• Lightning Safety Policy for Pearland ISD

     The first preventative measure to mitigate the lightning hazard is for the coaching/athletic training staff to check the weather report each day before practice or event. The second preventative measure is to know the location of the closest shelter to the athletic site and how long it takes to reach that shelter. A shelter is defined as any sturdy building that has metal plumbing or wiring, or both, to electrically ground the structure, (i.e. not a shed or a shack). In the absence of a sturdy building as described above, any vehicle with a hard metal roof, i.e. not a convertible or a golf cart, with the windows rolled up. The third preventative measure is to know how close lightning is occurring. The most convenient way to estimate how far away lightning activity is the "flash-to-bang" method. Simply stated, count the seconds between seeing the lightning "flash" and hearing the clap of thunder "bang". Divide this number by five to determine how far away (in miles) lightning is occurring. 

    1. If the "flash-to-bang" interval is decreasing rapidly, and the storm is approaching your location, or if the "flash-to-band" count approaches thirty (30) seconds, all outdoor activities must cease. All persons must immediately leave the athletic site and seek safe shelter. The locker room shower and plumbing facilities do not provide safe shelter and should not be used during this time.
    2. Locate shelter as quickly as possible.
    3. Stay away from tall or individual trees, lone objects (i.e., light or flag poles), metal objects (i.e., metal fences or bleachers), standing pools of water, and open fields. Avoid being the tallest object on a field. Do not take shelter under a single tree.
    4. If there is no safe shelter within reasonable distance, crouch in a thick grove of small trees surrounded by taller trees or in a dry ditch. Crouching with only your feet touching the ground and keeping your feet close together, wrap your arms around your knees and lower your head to minimize your body surface area. Do not lie flat!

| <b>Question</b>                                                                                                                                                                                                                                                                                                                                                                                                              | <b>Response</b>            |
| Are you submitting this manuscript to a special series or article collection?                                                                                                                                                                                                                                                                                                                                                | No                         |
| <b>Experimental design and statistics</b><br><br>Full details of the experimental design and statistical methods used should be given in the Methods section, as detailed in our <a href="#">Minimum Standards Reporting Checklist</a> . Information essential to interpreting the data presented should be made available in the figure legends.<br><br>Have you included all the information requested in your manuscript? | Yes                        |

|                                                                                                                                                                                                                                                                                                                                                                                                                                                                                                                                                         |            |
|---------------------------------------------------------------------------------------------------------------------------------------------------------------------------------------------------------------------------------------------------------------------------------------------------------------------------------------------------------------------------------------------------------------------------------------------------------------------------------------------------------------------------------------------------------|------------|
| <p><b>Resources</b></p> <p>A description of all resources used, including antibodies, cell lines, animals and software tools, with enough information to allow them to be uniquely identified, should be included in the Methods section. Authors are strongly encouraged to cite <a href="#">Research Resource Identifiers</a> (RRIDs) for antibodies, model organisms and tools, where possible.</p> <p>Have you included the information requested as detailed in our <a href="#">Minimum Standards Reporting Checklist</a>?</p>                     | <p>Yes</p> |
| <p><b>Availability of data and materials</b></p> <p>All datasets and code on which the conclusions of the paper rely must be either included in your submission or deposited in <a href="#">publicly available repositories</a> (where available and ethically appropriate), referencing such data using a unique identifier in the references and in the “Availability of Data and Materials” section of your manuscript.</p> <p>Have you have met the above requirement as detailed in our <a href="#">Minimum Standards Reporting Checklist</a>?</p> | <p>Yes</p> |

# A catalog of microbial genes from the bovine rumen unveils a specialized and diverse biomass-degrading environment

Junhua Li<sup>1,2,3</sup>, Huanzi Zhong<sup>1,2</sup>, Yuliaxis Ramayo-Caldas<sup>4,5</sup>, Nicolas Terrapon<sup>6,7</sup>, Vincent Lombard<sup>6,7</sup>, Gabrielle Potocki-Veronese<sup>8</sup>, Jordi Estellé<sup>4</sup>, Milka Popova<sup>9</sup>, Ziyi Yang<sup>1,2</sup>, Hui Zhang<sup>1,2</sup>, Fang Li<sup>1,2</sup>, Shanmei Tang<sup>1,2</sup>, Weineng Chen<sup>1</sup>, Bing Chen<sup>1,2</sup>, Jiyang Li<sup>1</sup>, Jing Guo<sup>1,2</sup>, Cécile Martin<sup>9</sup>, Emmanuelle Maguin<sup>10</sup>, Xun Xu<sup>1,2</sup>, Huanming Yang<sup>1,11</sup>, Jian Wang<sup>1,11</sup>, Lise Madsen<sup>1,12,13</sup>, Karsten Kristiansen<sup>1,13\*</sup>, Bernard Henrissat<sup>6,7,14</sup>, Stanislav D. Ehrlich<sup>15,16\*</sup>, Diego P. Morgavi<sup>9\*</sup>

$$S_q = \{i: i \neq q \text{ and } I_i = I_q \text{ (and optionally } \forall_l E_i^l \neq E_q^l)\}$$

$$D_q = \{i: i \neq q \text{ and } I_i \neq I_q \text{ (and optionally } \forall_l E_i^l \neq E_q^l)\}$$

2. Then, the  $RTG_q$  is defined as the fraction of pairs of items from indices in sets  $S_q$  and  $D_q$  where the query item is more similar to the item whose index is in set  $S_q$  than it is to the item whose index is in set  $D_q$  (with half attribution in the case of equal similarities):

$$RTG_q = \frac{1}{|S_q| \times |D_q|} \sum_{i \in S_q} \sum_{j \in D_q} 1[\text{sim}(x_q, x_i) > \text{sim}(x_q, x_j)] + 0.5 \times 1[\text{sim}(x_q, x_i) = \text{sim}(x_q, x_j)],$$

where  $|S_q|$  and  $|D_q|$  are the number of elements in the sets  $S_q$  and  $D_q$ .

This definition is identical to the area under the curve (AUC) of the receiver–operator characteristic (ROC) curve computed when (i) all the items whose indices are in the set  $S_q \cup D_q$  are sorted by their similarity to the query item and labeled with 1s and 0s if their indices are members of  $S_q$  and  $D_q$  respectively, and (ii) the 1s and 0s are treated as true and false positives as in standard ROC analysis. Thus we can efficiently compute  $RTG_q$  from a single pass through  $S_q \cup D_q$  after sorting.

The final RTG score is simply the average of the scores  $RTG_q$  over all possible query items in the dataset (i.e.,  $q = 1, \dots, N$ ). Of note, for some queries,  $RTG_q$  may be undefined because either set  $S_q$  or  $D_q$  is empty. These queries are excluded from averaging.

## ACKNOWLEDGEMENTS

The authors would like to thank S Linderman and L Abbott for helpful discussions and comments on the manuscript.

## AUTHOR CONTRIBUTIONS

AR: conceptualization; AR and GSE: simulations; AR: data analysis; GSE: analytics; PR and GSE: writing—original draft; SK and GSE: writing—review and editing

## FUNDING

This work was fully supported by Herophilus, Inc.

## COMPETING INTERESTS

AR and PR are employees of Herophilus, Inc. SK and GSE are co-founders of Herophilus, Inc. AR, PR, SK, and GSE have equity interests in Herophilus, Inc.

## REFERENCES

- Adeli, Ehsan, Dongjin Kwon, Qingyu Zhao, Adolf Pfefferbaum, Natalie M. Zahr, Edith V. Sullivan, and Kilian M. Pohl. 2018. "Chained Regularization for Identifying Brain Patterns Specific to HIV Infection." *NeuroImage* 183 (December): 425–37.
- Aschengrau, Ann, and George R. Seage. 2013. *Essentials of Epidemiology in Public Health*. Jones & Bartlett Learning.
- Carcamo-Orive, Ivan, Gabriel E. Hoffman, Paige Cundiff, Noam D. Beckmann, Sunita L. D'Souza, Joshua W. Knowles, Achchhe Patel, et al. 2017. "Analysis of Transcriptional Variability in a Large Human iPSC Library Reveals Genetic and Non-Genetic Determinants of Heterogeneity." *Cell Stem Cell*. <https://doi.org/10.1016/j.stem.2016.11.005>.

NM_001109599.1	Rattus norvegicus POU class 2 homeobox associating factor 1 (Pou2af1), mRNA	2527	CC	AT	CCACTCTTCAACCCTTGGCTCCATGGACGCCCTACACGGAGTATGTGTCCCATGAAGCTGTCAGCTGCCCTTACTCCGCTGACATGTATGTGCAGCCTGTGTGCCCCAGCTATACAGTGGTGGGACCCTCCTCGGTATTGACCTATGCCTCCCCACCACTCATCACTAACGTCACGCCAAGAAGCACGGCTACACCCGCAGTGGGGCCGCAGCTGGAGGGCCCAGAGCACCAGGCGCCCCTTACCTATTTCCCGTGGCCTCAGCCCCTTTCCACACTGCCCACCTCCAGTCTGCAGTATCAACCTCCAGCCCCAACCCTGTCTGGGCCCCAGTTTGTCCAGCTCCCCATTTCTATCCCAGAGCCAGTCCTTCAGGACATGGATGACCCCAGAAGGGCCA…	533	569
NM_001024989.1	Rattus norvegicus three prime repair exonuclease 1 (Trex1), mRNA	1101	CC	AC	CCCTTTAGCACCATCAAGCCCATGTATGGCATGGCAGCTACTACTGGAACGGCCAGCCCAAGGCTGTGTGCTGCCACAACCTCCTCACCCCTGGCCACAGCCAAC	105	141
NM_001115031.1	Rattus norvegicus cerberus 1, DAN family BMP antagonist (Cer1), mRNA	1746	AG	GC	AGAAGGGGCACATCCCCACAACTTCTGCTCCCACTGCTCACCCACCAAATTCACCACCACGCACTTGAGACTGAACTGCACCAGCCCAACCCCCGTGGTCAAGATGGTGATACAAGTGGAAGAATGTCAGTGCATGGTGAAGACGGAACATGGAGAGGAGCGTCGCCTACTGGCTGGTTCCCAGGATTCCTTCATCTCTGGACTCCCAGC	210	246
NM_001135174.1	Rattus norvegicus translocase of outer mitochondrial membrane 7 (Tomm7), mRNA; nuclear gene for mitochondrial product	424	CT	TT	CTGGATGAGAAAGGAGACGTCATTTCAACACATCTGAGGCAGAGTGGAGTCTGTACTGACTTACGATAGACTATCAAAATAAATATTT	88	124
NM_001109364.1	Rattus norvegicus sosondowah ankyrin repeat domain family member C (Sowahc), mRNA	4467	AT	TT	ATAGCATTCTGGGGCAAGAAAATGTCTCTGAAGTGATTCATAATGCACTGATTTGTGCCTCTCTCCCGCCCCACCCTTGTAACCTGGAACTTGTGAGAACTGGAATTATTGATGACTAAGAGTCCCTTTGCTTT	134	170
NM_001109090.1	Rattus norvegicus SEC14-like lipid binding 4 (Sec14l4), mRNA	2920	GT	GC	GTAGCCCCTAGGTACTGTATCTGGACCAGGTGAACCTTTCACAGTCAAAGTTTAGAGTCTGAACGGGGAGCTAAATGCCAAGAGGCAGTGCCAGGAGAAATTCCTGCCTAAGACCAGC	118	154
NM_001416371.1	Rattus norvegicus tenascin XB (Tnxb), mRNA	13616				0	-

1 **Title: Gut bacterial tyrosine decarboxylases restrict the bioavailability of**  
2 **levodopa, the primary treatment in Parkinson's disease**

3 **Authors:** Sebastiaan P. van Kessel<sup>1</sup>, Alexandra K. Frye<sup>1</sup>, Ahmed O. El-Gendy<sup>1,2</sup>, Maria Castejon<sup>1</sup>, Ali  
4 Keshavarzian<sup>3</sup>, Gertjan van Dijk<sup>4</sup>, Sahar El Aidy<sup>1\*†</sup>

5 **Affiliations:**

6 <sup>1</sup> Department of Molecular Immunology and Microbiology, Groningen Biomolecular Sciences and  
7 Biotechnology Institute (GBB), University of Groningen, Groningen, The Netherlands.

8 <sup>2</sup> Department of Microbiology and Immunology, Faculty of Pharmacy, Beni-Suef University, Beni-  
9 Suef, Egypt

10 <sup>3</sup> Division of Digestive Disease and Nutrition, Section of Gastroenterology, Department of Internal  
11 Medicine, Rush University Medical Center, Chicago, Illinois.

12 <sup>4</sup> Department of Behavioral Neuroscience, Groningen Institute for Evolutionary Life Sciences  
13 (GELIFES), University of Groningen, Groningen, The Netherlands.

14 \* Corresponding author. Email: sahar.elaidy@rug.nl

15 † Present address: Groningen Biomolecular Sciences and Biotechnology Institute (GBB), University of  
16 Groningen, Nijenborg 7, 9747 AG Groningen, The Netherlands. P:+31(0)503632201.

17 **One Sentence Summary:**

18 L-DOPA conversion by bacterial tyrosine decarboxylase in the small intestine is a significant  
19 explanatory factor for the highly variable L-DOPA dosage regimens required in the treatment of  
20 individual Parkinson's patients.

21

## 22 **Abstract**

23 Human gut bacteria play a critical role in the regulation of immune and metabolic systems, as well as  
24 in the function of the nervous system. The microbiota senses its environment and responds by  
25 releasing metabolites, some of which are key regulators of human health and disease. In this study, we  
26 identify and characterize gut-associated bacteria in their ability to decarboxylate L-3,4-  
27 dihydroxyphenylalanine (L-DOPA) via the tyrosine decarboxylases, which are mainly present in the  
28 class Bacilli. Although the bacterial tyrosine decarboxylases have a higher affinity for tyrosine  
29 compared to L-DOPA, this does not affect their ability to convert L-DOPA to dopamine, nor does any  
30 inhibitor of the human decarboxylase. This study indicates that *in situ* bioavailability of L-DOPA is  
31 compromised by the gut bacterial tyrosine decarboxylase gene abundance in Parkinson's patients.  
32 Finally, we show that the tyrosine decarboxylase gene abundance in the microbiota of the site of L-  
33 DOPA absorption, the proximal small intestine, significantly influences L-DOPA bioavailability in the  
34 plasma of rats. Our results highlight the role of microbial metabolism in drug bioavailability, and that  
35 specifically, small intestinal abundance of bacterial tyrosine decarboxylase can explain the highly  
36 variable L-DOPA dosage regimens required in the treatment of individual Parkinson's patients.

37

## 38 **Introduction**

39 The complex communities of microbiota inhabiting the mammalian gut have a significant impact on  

5. If you feel your hair stand on end or your skin tingle or hear crackling noises, immediately crouch to minimize your body surface area.
    6. Allow 30 minutes to pass after the last sound of thunder or flash of lightning before resuming any interscholastic athletic activity.
    7. Do not use the telephone unless there is an emergency.
    8. Lightning strike victims do not carry an electrical charge. CPR is safe for the responder and has been shown to be effective in reviving lightning strike victims.
    9. Pay much more attention to the lightning threat than to the rain. It need not be raining for lightning to strike; lightning can strike far from the rain shaft. 

    It is imperative to begin and sustain CPR as soon as possible following a lightning strike. In triage situations this task becomes formidable, because first responders are trained to treat the "living" and leave the "dead" alone. In lightning trauma, the opposite is true. Studies have recorded patient revival following prolonged lack of pulse and apnea. First aid to the victims who appear dead can reverse cardiopulmonary arrest. Athletes who are struck by lightning and are unconscious have fixed and dilated pupils, cold extremities, and absent pulses and breath sounds; they must have CPR administered immediately, because these signs are common to victims who recover fully. An athletic trainer must also always consider possible cervical spine trauma when treating unconscious victims. Even though lightning strike victims do not carry an electrical charge, the rescuer should be concerned with the possibility of a second strike in the immediate area. 

    The decision to remove a team or individuals from an athletic site in the event of dangerous and imminent lightning activity is up to the coach supervising the activity. The safety of any team or student-athlete ultimately rests with that coach. Whenever possible, the full time certified athletic training staff will advise the coach supervising the activity as to the danger and proximity of the lightning threat. However, the responsibility still remains with supervising coaches to remove their teams or individuals from a field or event site.